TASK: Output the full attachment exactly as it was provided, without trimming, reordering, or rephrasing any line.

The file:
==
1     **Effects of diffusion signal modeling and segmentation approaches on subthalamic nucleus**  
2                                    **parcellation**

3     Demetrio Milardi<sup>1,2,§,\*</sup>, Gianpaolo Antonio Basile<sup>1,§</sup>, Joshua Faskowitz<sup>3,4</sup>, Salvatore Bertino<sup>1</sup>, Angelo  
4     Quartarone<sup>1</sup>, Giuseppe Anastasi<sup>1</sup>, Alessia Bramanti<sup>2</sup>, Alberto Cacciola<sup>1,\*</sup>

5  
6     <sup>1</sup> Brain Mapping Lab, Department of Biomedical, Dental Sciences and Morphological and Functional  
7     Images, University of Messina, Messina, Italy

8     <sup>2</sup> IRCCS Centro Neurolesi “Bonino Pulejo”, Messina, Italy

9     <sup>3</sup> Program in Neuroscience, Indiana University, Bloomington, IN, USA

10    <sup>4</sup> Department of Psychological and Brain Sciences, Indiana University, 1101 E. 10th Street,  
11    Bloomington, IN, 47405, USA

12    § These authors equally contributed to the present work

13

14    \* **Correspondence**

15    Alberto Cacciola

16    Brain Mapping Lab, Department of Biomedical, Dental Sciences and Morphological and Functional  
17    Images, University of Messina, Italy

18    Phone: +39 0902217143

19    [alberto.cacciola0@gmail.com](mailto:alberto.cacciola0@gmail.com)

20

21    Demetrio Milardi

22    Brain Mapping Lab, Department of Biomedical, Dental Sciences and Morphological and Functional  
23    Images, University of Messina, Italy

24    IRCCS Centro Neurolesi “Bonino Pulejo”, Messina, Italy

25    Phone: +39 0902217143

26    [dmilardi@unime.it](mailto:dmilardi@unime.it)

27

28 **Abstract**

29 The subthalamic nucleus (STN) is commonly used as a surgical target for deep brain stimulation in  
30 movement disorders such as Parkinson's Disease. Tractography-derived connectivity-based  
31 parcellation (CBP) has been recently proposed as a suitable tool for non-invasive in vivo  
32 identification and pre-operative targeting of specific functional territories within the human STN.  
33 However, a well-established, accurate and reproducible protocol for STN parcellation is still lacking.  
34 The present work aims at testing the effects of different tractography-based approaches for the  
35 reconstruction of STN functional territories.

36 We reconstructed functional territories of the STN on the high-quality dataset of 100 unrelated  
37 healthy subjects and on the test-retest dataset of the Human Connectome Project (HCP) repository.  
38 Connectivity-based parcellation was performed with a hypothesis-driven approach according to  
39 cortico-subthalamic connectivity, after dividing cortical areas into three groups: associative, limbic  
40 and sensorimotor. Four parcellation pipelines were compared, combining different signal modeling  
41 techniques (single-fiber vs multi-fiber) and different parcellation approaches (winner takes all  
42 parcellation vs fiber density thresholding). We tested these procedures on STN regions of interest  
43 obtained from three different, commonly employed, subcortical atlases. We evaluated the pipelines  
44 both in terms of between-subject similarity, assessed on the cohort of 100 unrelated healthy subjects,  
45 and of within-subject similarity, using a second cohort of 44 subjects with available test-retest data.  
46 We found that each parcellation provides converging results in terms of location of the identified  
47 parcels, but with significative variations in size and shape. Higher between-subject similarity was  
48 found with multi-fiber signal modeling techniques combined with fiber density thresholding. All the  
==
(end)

1     **Effects of diffusion signal modeling and segmentation approaches on subthalamic nucleus**  
2                                    **parcellation**

3     Demetrio Milardi<sup>1,2,§,\*</sup>, Gianpaolo Antonio Basile<sup>1,§</sup>, Joshua Faskowitz<sup>3,4</sup>, Salvatore Bertino<sup>1</sup>, Angelo  
4     Quartarone<sup>1</sup>, Giuseppe Anastasi<sup>1</sup>, Alessia Bramanti<sup>2</sup>, Alberto Cacciola<sup>1,\*</sup>

5  
6     <sup>1</sup> Brain Mapping Lab, Department of Biomedical, Dental Sciences and Morphological and Functional  
7     Images, University of Messina, Messina, Italy

8     <sup>2</sup> IRCCS Centro Neurolesi “Bonino Pulejo”, Messina, Italy

9     <sup>3</sup> Program in Neuroscience, Indiana University, Bloomington, IN, USA

10    <sup>4</sup> Department of Psychological and Brain Sciences, Indiana University, 1101 E. 10th Street,  
11    Bloomington, IN, 47405, USA

12    § These authors equally contributed to the present work

13

14    \* **Correspondence**

15    Alberto Cacciola

16    Brain Mapping Lab, Department of Biomedical, Dental Sciences and Morphological and Functional  
17    Images, University of Messina, Italy

18    Phone: +39 0902217143

19    [alberto.cacciola0@gmail.com](mailto:alberto.cacciola0@gmail.com)

20

21    Demetrio Milardi

22    Brain Mapping Lab, Department of Biomedical, Dental Sciences and Morphological and Functional  
23    Images, University of Messina, Italy

24    IRCCS Centro Neurolesi “Bonino Pulejo”, Messina, Italy

25    Phone: +39 0902217143

26    [dmilardi@unime.it](mailto:dmilardi@unime.it)

27

28 **Abstract**

29 The subthalamic nucleus (STN) is commonly used as a surgical target for deep brain stimulation in  
30 movement disorders such as Parkinson's Disease. Tractography-derived connectivity-based  
31 parcellation (CBP) has been recently proposed as a suitable tool for non-invasive in vivo  
32 identification and pre-operative targeting of specific functional territories within the human STN.  
33 However, a well-established, accurate and reproducible protocol for STN parcellation is still lacking.  
34 The present work aims at testing the effects of different tractography-based approaches for the  
35 reconstruction of STN functional territories.

36 We reconstructed functional territories of the STN on the high-quality dataset of 100 unrelated  
37 healthy subjects and on the test-retest dataset of the Human Connectome Project (HCP) repository.  
38 Connectivity-based parcellation was performed with a hypothesis-driven approach according to  
39 cortico-subthalamic connectivity, after dividing cortical areas into three groups: associative, limbic  
40 and sensorimotor. Four parcellation pipelines were compared, combining different signal modeling  
41 techniques (single-fiber vs multi-fiber) and different parcellation approaches (winner takes all  
42 parcellation vs fiber density thresholding). We tested these procedures on STN regions of interest  
43 obtained from three different, commonly employed, subcortical atlases. We evaluated the pipelines  
44 both in terms of between-subject similarity, assessed on the cohort of 100 unrelated healthy subjects,  
45 and of within-subject similarity, using a second cohort of 44 subjects with available test-retest data.  
46 We found that each parcellation provides converging results in terms of location of the identified  
47 parcels, but with significative variations in size and shape. Higher between-subject similarity was  
48 found with multi-fiber signal modeling techniques combined with fiber density thresholding. All the  